BANGOR, Maine (AP) — A man convicted in a nearly 40-year-old slaying that many thought would never be solved is facing 45 years in prison, a judge said Friday.
The judge found 57-year-old Philip Scott Fournier guilty in February of killing 16-year-old Joyce McLain. Joyce disappeared while she was out jogging in 1980, and her body was found two days later.
Superior Court Justice Ann Murray called it a "cruel and violent act" on Friday and sentenced Fournier to 45 years in prison.
Fournier, who was 19 at the time, maintained his innocence Friday. His attorney said he was disappointed with the sentence and plans to appeal.
Fournier's attorneys argued that Fournier's memories, which played key roles in the prosecution's case, were not reliable. One defense lawyer has said doubts will linger in the case even after the conviction and sentencing.
The case baffled investigators for years. There isn't physical evidence — including no DNA or fingerprints — tying Fournier to the crime scene, but prosecutors say he confessed numerous times over the years. Fournier's attorneys say his memories are unreliable.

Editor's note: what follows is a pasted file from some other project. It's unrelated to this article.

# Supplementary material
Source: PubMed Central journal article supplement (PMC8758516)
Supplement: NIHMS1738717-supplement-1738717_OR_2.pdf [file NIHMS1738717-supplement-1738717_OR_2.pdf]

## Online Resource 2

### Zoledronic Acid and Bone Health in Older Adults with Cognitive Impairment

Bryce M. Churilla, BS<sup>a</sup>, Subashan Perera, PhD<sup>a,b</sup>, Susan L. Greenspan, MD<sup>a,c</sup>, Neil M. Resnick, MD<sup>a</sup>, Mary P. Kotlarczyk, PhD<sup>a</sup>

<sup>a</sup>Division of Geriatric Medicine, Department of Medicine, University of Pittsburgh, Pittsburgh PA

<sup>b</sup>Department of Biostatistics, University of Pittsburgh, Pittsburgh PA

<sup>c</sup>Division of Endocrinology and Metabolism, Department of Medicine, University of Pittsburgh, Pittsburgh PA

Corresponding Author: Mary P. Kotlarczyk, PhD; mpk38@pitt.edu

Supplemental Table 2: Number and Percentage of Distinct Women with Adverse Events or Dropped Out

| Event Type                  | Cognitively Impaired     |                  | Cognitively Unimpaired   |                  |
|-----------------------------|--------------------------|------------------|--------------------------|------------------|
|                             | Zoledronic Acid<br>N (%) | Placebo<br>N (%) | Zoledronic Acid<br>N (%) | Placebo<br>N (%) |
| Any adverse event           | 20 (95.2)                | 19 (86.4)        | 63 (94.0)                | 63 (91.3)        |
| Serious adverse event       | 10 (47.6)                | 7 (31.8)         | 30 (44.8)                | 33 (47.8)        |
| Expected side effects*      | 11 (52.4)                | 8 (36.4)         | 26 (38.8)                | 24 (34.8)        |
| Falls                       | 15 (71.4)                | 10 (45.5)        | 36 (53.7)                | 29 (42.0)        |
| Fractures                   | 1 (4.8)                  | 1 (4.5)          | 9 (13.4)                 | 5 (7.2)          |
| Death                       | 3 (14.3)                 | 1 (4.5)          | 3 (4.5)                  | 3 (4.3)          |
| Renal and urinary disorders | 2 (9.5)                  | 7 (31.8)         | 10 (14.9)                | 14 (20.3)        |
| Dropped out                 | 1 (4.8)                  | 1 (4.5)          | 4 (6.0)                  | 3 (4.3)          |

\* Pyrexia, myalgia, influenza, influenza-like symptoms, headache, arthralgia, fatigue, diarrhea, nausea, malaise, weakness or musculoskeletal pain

Joyce's family has been waiting years for justice.
Her mother, Pamela McLain, told the judge in a letter that her daughter has been dead for 38 years while Fournier has been free.
The teenager, who was from East Millinocket, disappeared after a full day of baby-sitting and piano lessons. She was wearing only sneakers and socks when her body was found. She'd been bludgeoned.
The judge found the motive was sexual assault although evidence showed she was not raped, The Bangor Daily News reported. Fournier told the judge that what happened to Joyce was a "horrible thing."